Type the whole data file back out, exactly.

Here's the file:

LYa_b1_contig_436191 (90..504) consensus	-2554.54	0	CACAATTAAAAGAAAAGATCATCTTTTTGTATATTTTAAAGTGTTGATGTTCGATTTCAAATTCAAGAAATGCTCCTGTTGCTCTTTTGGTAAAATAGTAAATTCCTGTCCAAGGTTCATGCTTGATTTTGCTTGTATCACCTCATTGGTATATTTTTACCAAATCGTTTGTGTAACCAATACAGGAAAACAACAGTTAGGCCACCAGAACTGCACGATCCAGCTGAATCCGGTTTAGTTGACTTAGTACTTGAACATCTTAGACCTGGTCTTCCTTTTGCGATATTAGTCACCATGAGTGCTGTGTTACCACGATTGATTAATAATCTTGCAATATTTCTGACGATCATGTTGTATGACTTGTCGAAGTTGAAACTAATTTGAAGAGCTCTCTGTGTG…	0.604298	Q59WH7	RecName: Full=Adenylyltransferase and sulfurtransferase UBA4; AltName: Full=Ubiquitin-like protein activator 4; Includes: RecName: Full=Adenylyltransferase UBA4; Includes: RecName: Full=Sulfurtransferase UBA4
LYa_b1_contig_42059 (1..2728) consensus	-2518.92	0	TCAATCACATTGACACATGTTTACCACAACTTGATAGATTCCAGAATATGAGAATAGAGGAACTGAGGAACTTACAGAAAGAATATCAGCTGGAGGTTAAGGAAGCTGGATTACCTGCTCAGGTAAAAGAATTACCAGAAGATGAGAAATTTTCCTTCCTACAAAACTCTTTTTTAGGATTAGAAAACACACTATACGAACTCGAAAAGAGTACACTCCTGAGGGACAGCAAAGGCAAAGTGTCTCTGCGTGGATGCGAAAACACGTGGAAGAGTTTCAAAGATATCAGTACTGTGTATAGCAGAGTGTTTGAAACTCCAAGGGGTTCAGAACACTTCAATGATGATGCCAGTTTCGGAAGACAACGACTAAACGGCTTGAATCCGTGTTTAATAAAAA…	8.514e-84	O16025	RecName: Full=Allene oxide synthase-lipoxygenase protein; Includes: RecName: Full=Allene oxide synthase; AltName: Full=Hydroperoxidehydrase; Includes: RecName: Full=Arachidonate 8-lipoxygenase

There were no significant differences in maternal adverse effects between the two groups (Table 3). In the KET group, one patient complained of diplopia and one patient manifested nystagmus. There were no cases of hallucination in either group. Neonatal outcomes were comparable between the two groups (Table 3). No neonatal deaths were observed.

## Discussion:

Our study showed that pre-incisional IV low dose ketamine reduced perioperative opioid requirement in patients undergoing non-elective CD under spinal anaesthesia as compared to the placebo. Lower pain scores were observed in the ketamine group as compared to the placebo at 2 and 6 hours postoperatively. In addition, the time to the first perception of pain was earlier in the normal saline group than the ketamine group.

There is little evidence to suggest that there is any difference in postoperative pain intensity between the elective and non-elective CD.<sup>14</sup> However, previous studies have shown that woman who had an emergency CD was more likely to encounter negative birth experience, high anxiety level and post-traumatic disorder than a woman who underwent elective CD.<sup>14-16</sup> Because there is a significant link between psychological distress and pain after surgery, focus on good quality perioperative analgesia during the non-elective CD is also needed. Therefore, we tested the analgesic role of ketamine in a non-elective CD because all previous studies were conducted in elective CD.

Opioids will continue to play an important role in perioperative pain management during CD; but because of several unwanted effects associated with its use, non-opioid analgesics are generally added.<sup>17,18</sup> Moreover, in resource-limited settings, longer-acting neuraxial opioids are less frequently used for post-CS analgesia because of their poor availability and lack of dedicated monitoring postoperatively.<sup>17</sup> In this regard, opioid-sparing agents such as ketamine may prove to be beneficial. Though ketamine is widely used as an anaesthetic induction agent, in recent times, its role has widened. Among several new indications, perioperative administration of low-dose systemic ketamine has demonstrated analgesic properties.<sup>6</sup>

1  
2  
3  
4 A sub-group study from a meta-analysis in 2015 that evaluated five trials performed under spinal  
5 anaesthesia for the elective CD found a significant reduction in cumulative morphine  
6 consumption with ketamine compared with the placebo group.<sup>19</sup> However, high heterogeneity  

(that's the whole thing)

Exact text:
LYa_b1_contig_436191 (90..504) consensus	-2554.54	0	CACAATTAAAAGAAAAGATCATCTTTTTGTATATTTTAAAGTGTTGATGTTCGATTTCAAATTCAAGAAATGCTCCTGTTGCTCTTTTGGTAAAATAGTAAATTCCTGTCCAAGGTTCATGCTTGATTTTGCTTGTATCACCTCATTGGTATATTTTTACCAAATCGTTTGTGTAACCAATACAGGAAAACAACAGTTAGGCCACCAGAACTGCACGATCCAGCTGAATCCGGTTTAGTTGACTTAGTACTTGAACATCTTAGACCTGGTCTTCCTTTTGCGATATTAGTCACCATGAGTGCTGTGTTACCACGATTGATTAATAATCTTGCAATATTTCTGACGATCATGTTGTATGACTTGTCGAAGTTGAAACTAATTTGAAGAGCTCTCTGTGTG…	0.604298	Q59WH7	RecName: Full=Adenylyltransferase and sulfurtransferase UBA4; AltName: Full=Ubiquitin-like protein activator 4; Includes: RecName: Full=Adenylyltransferase UBA4; Includes: RecName: Full=Sulfurtransferase UBA4
LYa_b1_contig_42059 (1..2728) consensus	-2518.92	0	TCAATCACATTGACACATGTTTACCACAACTTGATAGATTCCAGAATATGAGAATAGAGGAACTGAGGAACTTACAGAAAGAATATCAGCTGGAGGTTAAGGAAGCTGGATTACCTGCTCAGGTAAAAGAATTACCAGAAGATGAGAAATTTTCCTTCCTACAAAACTCTTTTTTAGGATTAGAAAACACACTATACGAACTCGAAAAGAGTACACTCCTGAGGGACAGCAAAGGCAAAGTGTCTCTGCGTGGATGCGAAAACACGTGGAAGAGTTTCAAAGATATCAGTACTGTGTATAGCAGAGTGTTTGAAACTCCAAGGGGTTCAGAACACTTCAATGATGATGCCAGTTTCGGAAGACAACGACTAAACGGCTTGAATCCGTGTTTAATAAAAA…	8.514e-84	O16025	RecName: Full=Allene oxide synthase-lipoxygenase protein; Includes: RecName: Full=Allene oxide synthase; AltName: Full=Hydroperoxidehydrase; Includes: RecName: Full=Arachidonate 8-lipoxygenase

There were no significant differences in maternal adverse effects between the two groups (Table 3). In the KET group, one patient complained of diplopia and one patient manifested nystagmus. There were no cases of hallucination in either group. Neonatal outcomes were comparable between the two groups (Table 3). No neonatal deaths were observed.

## Discussion:

Our study showed that pre-incisional IV low dose ketamine reduced perioperative opioid requirement in patients undergoing non-elective CD under spinal anaesthesia as compared to the placebo. Lower pain scores were observed in the ketamine group as compared to the placebo at 2 and 6 hours postoperatively. In addition, the time to the first perception of pain was earlier in the normal saline group than the ketamine group.

There is little evidence to suggest that there is any difference in postoperative pain intensity between the elective and non-elective CD.<sup>14</sup> However, previous studies have shown that woman who had an emergency CD was more likely to encounter negative birth experience, high anxiety level and post-traumatic disorder than a woman who underwent elective CD.<sup>14-16</sup> Because there is a significant link between psychological distress and pain after surgery, focus on good quality perioperative analgesia during the non-elective CD is also needed. Therefore, we tested the analgesic role of ketamine in a non-elective CD because all previous studies were conducted in elective CD.

Opioids will continue to play an important role in perioperative pain management during CD; but because of several unwanted effects associated with its use, non-opioid analgesics are generally added.<sup>17,18</sup> Moreover, in resource-limited settings, longer-acting neuraxial opioids are less frequently used for post-CS analgesia because of their poor availability and lack of dedicated monitoring postoperatively.<sup>17</sup> In this regard, opioid-sparing agents such as ketamine may prove to be beneficial. Though ketamine is widely used as an anaesthetic induction agent, in recent times, its role has widened. Among several new indications, perioperative administration of low-dose systemic ketamine has demonstrated analgesic properties.<sup>6</sup>

1  
2  
3  
4 A sub-group study from a meta-analysis in 2015 that evaluated five trials performed under spinal  
5 anaesthesia for the elective CD found a significant reduction in cumulative morphine  
6 consumption with ketamine compared with the placebo group.<sup>19</sup> However, high heterogeneity  